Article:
“There were different parcels of land that they kept trying to work on. And just each parcel didn’t work out,” he said. “That was sort of what was hanging everything up.”
“Frankly, the biggest issue with the project was just honestly that there was no activity from it,” said Candido of his years working with DreamLife. “There was none. As far as I could tell, they never talked to an actual investor. … So as far as I knew, and so far as they told me, their marketing was somewhat non-existent.”
“People usually have control of the land before they sink all the money into an EB-5 project,” Carr said.
Although speculative projects across the nation tend to be less successful, Candido said, that doesn’t mean a lack of land is a hurdle that can’t be overcome — with the right strategies.
Candido said the project appear to be speculative “in the sense that it didn’t own land. And if you don’t own land, you obviously don’t know where it’s permitted.”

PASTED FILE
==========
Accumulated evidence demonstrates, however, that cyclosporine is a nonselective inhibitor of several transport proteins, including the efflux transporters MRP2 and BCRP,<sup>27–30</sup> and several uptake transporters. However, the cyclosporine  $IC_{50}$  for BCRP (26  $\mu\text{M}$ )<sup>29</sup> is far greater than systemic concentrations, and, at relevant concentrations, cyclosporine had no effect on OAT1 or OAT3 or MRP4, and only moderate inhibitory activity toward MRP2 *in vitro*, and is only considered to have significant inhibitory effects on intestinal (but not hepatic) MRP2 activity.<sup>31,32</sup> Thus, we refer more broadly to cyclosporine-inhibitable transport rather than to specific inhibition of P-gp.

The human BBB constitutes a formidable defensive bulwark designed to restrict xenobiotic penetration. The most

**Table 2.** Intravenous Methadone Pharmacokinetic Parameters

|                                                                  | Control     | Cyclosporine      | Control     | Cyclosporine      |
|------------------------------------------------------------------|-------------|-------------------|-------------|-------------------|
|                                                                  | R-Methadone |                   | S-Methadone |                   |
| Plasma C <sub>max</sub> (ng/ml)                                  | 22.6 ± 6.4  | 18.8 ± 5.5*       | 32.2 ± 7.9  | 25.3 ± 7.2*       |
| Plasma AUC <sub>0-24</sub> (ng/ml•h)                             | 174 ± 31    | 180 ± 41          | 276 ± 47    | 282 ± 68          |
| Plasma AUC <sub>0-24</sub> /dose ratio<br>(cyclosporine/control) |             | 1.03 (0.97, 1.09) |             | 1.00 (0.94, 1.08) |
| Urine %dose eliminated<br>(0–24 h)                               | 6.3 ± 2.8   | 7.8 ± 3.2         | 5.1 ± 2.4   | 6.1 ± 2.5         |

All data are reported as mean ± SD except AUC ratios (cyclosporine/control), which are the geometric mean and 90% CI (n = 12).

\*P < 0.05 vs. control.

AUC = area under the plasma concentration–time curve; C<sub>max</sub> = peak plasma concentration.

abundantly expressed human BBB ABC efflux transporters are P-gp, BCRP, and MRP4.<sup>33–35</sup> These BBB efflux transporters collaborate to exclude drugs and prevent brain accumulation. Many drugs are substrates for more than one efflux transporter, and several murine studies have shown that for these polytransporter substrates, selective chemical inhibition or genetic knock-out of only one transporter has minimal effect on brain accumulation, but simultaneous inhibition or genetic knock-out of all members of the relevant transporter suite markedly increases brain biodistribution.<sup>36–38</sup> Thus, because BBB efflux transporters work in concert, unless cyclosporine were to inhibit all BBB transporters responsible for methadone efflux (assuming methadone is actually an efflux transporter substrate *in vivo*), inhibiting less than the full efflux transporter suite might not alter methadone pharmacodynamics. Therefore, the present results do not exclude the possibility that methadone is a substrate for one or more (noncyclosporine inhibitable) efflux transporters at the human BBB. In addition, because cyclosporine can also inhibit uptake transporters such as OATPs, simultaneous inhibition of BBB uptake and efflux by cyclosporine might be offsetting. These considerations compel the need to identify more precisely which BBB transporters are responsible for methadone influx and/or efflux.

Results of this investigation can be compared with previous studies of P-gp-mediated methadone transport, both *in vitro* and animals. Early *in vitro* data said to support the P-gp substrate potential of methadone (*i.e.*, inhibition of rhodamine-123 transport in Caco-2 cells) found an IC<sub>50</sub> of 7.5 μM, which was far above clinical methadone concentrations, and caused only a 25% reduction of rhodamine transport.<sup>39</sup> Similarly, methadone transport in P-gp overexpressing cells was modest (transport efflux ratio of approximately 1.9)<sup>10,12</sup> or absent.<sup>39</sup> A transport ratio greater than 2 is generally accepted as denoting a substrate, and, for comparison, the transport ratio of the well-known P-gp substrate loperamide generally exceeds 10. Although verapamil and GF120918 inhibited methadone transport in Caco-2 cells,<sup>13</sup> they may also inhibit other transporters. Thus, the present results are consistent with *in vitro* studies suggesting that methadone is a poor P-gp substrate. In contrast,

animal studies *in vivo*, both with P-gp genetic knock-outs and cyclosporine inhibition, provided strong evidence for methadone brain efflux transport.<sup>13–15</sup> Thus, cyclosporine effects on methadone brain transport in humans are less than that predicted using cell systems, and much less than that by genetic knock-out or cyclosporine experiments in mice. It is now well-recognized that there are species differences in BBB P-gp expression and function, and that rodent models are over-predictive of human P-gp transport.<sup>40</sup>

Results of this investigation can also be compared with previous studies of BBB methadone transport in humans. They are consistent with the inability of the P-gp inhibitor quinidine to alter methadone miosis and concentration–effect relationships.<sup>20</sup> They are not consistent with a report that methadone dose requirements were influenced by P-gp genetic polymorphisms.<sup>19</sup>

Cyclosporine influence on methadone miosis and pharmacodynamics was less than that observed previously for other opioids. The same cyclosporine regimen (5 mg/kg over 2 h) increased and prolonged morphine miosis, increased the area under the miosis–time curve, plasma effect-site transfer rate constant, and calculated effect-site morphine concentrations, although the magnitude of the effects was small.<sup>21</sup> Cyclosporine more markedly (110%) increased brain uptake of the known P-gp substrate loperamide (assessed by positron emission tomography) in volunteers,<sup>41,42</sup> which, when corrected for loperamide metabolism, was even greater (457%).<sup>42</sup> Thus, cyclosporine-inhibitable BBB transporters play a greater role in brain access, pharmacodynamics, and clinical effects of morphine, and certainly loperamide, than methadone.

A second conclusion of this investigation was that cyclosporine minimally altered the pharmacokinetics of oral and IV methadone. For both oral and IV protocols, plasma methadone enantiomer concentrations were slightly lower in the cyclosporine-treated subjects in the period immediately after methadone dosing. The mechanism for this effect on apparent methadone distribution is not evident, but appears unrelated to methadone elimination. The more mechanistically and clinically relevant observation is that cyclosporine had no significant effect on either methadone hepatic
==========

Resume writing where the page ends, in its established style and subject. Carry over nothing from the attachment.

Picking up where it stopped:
Raymond told VTDigger it’s “totally fine” for DreamLife to market to investors despite not controlling land, so long as they disclose that up front. But he added: “I honestly would not have approved the project knowing that they hadn’t selected properties, and that there’s potential permitting issues – except that they had already been approved previously.”
Raymond is now actively reviewing state standards on the question of land ownership and how far projects have progressed on land use permits. “I can say that is not the only project I know of that hasn’t had land in hand,” in terms of EB-5 projects nationally, Raymond added.